5. It is contradicted by psychology and common sense, for its view of souls as imprisoned in alien bodies denies the natural psychosomatic unity.

  6. It entails a very low view of the body, as a prison, a punishment.

  7. It usually blames sin on the body and the body’s power to confuse and darken the mind. This is passing the buck from soul to body, as well as from will to mind, and a confusion of the reality of sin with ignorance.

  8. The idea that we are reincarnated in order to learn lessons we failed to learn in a past Earthly life is contrary to both common sense and basic educational psychology. I cannot learn something if there is no continuity of memory. I can learn from my mistakes only if I remember them. People do not usually remember these past “reincarnations.”

  9. The supposed evidence for reincarnation, “rememberings” from past lives that come out under hypnosis or “past life regression” can be explained-if they truly occur at all-as mental telepathy from other living beings, from the souls of dead humans in purgatory or hell, or from demons. The real possibility of the latter should make us absolutely terrified about opening our souls to “past life regressions.”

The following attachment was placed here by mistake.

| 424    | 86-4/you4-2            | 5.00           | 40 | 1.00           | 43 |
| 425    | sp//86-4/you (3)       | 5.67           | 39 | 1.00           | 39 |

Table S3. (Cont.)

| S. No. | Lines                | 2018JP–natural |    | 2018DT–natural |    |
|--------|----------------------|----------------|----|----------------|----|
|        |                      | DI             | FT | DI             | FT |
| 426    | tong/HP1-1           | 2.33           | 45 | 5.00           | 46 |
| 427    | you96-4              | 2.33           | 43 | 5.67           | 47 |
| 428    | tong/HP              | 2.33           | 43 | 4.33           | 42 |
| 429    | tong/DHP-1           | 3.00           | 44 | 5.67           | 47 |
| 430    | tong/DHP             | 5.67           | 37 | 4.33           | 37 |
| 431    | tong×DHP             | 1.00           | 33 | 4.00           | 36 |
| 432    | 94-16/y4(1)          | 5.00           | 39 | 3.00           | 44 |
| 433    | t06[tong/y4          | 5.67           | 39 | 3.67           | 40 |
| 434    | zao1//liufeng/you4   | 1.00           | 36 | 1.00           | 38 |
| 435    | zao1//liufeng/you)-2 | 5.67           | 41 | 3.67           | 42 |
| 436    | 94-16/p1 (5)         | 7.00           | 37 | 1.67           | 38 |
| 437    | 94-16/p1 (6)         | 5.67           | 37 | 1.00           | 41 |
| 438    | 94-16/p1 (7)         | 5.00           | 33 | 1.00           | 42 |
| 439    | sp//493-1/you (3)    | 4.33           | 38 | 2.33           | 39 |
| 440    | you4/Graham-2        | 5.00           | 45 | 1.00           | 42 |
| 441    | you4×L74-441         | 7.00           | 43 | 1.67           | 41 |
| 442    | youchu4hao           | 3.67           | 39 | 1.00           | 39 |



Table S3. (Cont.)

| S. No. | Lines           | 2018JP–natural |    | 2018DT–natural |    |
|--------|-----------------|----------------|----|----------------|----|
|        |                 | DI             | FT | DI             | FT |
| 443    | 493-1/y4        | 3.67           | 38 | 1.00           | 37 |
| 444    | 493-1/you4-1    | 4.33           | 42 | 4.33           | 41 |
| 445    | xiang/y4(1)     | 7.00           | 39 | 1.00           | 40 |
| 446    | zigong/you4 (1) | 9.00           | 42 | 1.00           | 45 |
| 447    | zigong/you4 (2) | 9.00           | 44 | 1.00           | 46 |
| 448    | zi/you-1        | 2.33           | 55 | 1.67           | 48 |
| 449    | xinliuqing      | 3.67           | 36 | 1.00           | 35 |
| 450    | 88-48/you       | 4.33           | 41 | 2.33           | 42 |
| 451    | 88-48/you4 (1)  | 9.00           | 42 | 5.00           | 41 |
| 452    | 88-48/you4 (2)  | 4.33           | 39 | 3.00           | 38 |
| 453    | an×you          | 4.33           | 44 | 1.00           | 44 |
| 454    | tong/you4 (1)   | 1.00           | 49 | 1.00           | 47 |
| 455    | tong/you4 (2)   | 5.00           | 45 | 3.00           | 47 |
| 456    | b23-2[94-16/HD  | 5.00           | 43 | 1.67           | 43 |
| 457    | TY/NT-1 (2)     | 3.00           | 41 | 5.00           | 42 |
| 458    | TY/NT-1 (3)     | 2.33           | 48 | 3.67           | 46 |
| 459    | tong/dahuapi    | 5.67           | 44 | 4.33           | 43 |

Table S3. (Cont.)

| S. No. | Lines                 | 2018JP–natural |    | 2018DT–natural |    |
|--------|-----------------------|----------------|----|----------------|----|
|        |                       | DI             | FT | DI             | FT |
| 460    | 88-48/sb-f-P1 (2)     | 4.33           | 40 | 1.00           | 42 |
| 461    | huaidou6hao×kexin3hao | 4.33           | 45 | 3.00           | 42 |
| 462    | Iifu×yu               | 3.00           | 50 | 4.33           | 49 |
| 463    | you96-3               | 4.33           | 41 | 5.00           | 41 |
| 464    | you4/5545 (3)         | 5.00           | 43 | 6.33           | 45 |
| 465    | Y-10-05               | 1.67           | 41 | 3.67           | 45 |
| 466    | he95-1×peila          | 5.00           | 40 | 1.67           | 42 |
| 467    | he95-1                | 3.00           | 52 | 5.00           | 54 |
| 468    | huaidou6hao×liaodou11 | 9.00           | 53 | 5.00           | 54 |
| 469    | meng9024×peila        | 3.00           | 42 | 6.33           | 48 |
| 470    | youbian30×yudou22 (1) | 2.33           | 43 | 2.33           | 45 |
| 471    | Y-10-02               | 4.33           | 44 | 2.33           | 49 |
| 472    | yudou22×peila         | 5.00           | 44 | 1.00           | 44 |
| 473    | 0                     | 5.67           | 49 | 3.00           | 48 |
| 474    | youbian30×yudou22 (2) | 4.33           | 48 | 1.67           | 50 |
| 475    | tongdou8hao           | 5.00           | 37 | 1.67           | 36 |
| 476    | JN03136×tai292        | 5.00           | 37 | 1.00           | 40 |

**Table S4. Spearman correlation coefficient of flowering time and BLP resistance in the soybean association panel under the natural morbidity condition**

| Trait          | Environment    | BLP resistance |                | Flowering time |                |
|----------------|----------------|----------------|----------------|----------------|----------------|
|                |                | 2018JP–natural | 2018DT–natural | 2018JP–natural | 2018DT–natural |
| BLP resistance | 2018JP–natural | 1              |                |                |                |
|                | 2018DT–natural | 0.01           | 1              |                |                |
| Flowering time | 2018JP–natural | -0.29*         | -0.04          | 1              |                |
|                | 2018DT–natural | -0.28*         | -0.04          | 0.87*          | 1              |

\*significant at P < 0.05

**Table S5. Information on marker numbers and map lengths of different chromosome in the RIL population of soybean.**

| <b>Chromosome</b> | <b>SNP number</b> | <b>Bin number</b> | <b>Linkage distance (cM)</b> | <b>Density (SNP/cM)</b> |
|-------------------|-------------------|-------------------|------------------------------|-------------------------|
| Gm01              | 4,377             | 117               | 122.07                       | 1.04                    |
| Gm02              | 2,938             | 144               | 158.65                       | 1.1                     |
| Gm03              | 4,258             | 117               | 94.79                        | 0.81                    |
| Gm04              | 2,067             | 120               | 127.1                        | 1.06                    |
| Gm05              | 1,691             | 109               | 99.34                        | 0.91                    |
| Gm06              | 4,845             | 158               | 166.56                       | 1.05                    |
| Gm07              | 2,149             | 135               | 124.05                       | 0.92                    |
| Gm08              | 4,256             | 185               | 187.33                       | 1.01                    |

10. Reincarnation cannot account for itself. Just why are our souls imprisoned in bodies? Is it the just punishment for evils we committed in past reincarnations? But why were those past reincarnations necessary? For the same reason. But the beginning of the process that justly imprisoned our souls in bodies in the first place-this must have antedated the series of bodies. How could we have committed evil in the state of perfect, pure, heavenly spirituality? Further, if we sinned in that paradise, it is not paradisical after all. Yet that is the state that reincarnation is supposed to lead us back to after all our embodied yearnings are over.